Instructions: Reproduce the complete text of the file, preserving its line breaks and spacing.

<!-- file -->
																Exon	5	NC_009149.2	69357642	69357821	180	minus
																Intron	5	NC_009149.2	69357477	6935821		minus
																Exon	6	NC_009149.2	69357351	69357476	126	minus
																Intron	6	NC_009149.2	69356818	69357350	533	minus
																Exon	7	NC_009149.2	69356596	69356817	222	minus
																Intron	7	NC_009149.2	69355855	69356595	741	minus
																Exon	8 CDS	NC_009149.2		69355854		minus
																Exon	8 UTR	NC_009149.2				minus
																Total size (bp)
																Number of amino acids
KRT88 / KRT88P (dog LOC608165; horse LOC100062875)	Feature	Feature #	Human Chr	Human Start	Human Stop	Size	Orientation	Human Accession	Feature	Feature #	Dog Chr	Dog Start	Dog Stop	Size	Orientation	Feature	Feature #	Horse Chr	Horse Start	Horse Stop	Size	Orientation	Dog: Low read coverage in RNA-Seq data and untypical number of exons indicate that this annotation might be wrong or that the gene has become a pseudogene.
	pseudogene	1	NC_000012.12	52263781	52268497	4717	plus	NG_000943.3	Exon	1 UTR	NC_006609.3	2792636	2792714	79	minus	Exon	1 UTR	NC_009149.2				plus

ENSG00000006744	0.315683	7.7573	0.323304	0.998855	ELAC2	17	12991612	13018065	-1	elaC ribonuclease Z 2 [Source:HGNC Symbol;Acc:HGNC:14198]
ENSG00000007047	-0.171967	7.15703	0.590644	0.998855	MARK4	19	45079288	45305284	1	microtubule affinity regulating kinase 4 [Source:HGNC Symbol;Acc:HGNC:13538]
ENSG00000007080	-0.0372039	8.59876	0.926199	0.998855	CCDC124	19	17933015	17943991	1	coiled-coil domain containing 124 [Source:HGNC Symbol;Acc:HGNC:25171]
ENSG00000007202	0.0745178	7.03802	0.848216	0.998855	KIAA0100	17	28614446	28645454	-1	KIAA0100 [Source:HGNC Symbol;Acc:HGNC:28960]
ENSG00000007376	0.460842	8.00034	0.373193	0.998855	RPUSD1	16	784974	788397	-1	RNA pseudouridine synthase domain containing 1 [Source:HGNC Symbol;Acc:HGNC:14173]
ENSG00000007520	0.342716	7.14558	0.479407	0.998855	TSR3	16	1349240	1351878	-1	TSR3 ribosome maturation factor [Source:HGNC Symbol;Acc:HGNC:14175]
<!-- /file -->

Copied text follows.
																Exon	5	NC_009149.2	69357642	69357821	180	minus
																Intron	5	NC_009149.2	69357477	6935821		minus
																Exon	6	NC_009149.2	69357351	69357476	126	minus
																Intron	6	NC_009149.2	69356818	69357350	533	minus
																Exon	7	NC_009149.2	69356596	69356817	222	minus
																Intron	7	NC_009149.2	69355855	69356595	741	minus
																Exon	8 CDS	NC_009149.2		69355854		minus
																Exon	8 UTR	NC_009149.2				minus
																Total size (bp)
																Number of amino acids
KRT88 / KRT88P (dog LOC608165; horse LOC100062875)	Feature	Feature #	Human Chr	Human Start	Human Stop	Size	Orientation	Human Accession	Feature	Feature #	Dog Chr	Dog Start	Dog Stop	Size	Orientation	Feature	Feature #	Horse Chr	Horse Start	Horse Stop	Size	Orientation	Dog: Low read coverage in RNA-Seq data and untypical number of exons indicate that this annotation might be wrong or that the gene has become a pseudogene.
	pseudogene	1	NC_000012.12	52263781	52268497	4717	plus	NG_000943.3	Exon	1 UTR	NC_006609.3	2792636	2792714	79	minus	Exon	1 UTR	NC_009149.2				plus

ENSG00000006744	0.315683	7.7573	0.323304	0.998855	ELAC2	17	12991612	13018065	-1	elaC ribonuclease Z 2 [Source:HGNC Symbol;Acc:HGNC:14198]
ENSG00000007047	-0.171967	7.15703	0.590644	0.998855	MARK4	19	45079288	45305284	1	microtubule affinity regulating kinase 4 [Source:HGNC Symbol;Acc:HGNC:13538]
ENSG00000007080	-0.0372039	8.59876	0.926199	0.998855	CCDC124	19	17933015	17943991	1	coiled-coil domain containing 124 [Source:HGNC Symbol;Acc:HGNC:25171]
ENSG00000007202	0.0745178	7.03802	0.848216	0.998855	KIAA0100	17	28614446	28645454	-1	KIAA0100 [Source:HGNC Symbol;Acc:HGNC:28960]
ENSG00000007376	0.460842	8.00034	0.373193	0.998855	RPUSD1	16	784974	788397	-1	RNA pseudouridine synthase domain containing 1 [Source:HGNC Symbol;Acc:HGNC:14173]
ENSG00000007520	0.342716	7.14558	0.479407	0.998855	TSR3	16	1349240	1351878	-1	TSR3 ribosome maturation factor [Source:HGNC Symbol;Acc:HGNC:14175]